This Diwali, the otherwise lonely, grim lives of hundreds of widows in Vrindavan were lit up with diyas, rangolis, shopping and sparklers

Unlike for others, Diwali had no special meaning for hundreds of widows and abandoned women residing in most of the shelter homes of Vrindavan. It just meant singing bhajans in temples or among themselves, lighting a few candles individually in the room and may be waiting for some philanthropist to distribute sweets or maybe saris or shawls.

Lives were as lonely as ever with just a handful of ashram mates to share the joy of the festival of lights with. No shopping, no lights and no firecrackers. What others did on festivals was unthinkable for the inmates here.

But this Diwali was different. For 1,000 widows, most of whom are in their 70s, who were deserted by their families very many years ago, got together to celebrate the festival as a community after decades of darkness and social apathy.

Just as the sun set on Thursday last, Meera Sahabhagni Ashram, a century-old widow shelter home here, sprang to life as thousands of lights not only lit up the building, but also the drooping spirit of its residents.

They looked excited as they had been preparing for the festival for almost a week: arranging for flowers, coloured bulbs and diyas — some of them in bright colours — all over the five shelter homes. The celebrations continued till Sunday.

The initiative was taken by Sulabh International. The festivities began with making floral rangoli, then sari shopping and finally lighting fire-crackers.

It was a rare sight to see these widows play with sparklers and crackers. They not only danced but also sang a number of bhajans and golden hits from famous Bengali films of yesteryears. “We are not children that we are being given sparklers. We want noisy bombs!’’ said Manu Ghosh, a widow from West Bengal well into her 70s. While there were many others who preferred to watch the festivities from a distance, stubbornly refusing to touch diyas or crackers — whether for tradition or lack of interest, it was difficult to figure out.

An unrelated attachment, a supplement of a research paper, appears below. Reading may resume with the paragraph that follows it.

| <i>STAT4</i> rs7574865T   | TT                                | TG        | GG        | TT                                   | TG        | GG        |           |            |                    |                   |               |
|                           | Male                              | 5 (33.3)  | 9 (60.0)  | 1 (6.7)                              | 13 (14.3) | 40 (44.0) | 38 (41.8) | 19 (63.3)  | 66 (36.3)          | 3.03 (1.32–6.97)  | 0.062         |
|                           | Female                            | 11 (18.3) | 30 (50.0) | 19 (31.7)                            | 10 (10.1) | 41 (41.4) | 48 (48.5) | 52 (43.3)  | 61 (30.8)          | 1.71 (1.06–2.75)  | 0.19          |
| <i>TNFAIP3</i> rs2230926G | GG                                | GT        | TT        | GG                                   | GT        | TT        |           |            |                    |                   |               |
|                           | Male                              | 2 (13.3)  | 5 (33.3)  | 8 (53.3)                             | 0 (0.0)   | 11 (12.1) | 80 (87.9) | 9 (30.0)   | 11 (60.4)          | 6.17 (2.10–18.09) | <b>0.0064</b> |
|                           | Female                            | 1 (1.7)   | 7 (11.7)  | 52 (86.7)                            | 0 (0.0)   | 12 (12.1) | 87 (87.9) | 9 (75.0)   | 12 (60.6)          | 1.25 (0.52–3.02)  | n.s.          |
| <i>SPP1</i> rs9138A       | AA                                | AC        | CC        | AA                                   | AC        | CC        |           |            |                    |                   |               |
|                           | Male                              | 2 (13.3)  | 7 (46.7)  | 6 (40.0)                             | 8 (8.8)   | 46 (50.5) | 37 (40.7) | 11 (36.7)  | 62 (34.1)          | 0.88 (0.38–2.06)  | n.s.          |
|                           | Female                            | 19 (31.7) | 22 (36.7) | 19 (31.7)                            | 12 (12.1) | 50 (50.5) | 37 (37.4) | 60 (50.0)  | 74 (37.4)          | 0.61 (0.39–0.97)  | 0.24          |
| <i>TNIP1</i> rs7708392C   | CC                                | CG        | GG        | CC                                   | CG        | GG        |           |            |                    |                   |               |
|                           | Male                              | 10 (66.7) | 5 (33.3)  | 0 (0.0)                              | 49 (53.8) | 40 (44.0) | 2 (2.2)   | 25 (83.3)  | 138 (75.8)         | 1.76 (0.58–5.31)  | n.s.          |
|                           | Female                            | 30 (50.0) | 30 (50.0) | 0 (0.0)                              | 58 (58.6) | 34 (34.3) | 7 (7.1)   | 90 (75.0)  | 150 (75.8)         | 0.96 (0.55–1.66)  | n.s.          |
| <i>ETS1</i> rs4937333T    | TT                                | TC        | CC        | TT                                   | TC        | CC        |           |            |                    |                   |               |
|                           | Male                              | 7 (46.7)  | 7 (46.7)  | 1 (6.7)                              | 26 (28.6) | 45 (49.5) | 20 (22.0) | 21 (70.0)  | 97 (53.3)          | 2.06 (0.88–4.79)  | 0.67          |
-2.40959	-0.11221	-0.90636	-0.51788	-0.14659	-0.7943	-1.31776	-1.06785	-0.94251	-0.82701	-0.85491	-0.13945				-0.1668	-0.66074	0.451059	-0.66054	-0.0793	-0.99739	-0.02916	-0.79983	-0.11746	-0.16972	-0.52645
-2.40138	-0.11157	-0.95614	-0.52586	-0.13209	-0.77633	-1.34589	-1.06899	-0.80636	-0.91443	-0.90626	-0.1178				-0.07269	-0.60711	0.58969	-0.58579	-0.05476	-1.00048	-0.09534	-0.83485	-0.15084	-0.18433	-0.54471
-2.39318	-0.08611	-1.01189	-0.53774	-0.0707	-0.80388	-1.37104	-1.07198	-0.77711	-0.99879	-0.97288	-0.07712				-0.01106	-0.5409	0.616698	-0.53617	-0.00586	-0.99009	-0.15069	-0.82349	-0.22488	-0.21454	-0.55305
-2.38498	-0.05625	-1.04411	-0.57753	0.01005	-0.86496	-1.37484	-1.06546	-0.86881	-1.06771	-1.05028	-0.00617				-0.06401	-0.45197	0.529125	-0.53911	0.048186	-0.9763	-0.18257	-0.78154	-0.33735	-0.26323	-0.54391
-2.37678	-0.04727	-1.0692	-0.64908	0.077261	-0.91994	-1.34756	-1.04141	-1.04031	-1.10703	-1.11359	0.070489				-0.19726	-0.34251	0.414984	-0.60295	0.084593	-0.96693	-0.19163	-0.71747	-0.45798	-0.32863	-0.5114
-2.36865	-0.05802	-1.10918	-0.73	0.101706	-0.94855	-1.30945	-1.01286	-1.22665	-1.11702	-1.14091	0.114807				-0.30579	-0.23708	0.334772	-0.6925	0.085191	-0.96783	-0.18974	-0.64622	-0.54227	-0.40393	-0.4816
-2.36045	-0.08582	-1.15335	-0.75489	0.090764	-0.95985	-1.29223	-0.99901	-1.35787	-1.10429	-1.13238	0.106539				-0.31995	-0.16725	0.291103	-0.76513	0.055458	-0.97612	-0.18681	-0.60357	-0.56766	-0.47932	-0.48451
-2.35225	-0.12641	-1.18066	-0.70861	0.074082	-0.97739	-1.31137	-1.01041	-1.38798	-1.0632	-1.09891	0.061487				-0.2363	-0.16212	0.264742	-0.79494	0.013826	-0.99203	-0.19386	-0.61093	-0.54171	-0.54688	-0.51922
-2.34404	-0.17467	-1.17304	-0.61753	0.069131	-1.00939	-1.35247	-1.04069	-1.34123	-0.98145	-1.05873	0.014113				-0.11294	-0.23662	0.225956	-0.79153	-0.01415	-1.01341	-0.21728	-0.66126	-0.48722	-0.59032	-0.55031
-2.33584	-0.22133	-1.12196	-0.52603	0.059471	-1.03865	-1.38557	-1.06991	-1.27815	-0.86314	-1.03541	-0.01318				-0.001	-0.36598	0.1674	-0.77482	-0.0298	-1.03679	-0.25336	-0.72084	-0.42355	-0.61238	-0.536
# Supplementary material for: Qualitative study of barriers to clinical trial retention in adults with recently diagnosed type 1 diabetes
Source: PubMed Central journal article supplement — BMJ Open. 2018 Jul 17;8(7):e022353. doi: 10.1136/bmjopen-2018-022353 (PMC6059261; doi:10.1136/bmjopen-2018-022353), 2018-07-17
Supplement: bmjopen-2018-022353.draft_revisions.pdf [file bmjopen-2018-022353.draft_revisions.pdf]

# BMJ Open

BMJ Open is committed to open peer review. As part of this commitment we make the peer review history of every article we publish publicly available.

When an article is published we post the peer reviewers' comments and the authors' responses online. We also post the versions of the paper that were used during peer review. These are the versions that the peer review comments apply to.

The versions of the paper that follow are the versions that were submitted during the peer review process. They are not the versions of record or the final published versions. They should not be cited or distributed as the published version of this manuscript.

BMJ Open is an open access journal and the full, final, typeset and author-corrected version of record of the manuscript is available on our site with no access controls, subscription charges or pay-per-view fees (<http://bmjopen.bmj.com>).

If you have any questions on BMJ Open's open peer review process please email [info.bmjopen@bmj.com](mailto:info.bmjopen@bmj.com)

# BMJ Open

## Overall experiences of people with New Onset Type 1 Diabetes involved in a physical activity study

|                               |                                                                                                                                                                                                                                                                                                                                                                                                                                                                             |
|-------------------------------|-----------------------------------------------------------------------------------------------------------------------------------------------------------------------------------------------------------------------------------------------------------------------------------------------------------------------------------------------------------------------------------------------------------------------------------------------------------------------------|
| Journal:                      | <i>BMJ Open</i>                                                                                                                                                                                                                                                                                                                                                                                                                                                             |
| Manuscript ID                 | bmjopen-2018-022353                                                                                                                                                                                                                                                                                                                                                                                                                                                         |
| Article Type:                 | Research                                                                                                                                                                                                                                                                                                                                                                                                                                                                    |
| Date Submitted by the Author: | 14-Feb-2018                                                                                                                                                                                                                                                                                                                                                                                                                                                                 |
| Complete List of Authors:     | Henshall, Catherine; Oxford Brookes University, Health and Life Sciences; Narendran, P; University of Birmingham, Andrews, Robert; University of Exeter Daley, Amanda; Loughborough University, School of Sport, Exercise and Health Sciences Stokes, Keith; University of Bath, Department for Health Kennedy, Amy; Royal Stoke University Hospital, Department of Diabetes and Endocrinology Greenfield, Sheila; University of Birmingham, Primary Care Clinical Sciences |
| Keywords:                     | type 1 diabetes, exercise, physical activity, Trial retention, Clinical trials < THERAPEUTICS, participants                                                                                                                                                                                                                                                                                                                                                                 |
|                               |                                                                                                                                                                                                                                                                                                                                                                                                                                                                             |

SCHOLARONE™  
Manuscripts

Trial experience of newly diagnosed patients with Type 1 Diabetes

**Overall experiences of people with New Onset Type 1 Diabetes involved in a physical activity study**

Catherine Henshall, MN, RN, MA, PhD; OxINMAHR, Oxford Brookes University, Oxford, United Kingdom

Some of the shelters run by Guild of Services, however say that they have been celebrating Diwali for the past 20 years. Maa Dham, their centre for widows has been instrumental in rehabilitating around 1000 widows by imparting skills to them.

Holi and Diwali have been celebrated at our centre every year. The festivals are celebrated not only by Maas of our Ashram but from other ashrams and centres as well, said Mohini Giri of Guild for Services.

Widows often face humiliation and insult from the husband’s family, which often treated them as inauspicious. They are asked not to be present on any auspicious function; not supposed to wear coloured clothes and ornaments; stay away from garlic, onion and non-vegetarian food. In short, live a life of hardship and penury.

Many such widows can be seen begging in the streets and public places. At some places, widows are termed as witches and tortured even by their own family.

In places like Varanasi and Vrindavan, thousands of widows lead an isolated life to attain moksha or liberation from the cycle of death and rebirth. Most of them are old, infirm, disabled and have no source of income or livelihood. Their position becomes miserable if they have dependent children to support and bring up.

Sulabh International has been providing a variety of facilities to widows in the five government-run shelter homes — giving them stipend, arranging their food and health care. The voluntary body started taking keen initiative in the welfare of widows after the Supreme Court took strong exception last year to the manner in which the bodies of widows, who lived in government shelter homes at Vrindavan, were disposed. This was following a series of news reports in The Hindu regarding the condition of these women.

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